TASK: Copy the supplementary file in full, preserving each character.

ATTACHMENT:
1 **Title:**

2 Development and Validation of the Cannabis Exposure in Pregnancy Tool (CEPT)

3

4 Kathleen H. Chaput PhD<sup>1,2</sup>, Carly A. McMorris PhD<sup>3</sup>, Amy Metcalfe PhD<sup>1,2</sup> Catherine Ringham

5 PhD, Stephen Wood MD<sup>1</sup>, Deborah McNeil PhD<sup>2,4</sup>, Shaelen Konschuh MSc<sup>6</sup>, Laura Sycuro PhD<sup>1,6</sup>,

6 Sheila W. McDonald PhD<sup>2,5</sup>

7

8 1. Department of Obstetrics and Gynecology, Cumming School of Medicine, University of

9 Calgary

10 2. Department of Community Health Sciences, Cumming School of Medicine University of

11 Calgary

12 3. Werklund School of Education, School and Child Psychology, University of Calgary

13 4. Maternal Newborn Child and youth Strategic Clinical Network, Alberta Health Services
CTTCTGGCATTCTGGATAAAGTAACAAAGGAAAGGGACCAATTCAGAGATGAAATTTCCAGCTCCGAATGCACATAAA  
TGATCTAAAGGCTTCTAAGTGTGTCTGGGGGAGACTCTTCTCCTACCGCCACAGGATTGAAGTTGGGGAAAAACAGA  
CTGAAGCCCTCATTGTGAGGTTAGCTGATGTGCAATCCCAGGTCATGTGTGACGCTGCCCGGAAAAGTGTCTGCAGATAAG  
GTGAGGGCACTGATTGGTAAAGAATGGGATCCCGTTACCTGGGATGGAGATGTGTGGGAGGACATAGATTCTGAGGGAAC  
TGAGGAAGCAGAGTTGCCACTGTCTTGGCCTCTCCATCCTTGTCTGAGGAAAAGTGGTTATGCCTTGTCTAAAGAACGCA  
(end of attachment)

1 **Title:**

2 Development and Validation of the Cannabis Exposure in Pregnancy Tool (CEPT)

3

4 Kathleen H. Chaput PhD<sup>1,2</sup>, Carly A. McMorris PhD<sup>3</sup>, Amy Metcalfe PhD<sup>1,2</sup> Catherine Ringham

5 PhD, Stephen Wood MD<sup>1</sup>, Deborah McNeil PhD<sup>2,4</sup>, Shaelen Konschuh MSc<sup>6</sup>, Laura Sycuro PhD<sup>1,6</sup>,

6 Sheila W. McDonald PhD<sup>2,5</sup>

7

8 1. Department of Obstetrics and Gynecology, Cumming School of Medicine, University of

9 Calgary

10 2. Department of Community Health Sciences, Cumming School of Medicine University of

11 Calgary

12 3. Werklund School of Education, School and Child Psychology, University of Calgary

13 4. Maternal Newborn Child and youth Strategic Clinical Network, Alberta Health Services
CTTCTGGCATTCTGGATAAAGTAACAAAGGAAAGGGACCAATTCAGAGATGAAATTTCCAGCTCCGAATGCACATAAA  
TGATCTAAAGGCTTCTAAGTGTGTCTGGGGGAGACTCTTCTCCTACCGCCACAGGATTGAAGTTGGGGAAAAACAGA  
CTGAAGCCCTCATTGTGAGGTTAGCTGATGTGCAATCCCAGGTCATGTGTGACGCTGCCCGGAAAAGTGTCTGCAGATAAG  
GTGAGGGCACTGATTGGTAAAGAATGGGATCCCGTTACCTGGGATGGAGATGTGTGGGAGGACATAGATTCTGAGGGAAC  
TGAGGAAGCAGAGTTGCCACTGTCTTGGCCTCTCCATCCTTGTCTGAGGAAAAGTGGTTATGCCTTGTCTAAAGAACGCA  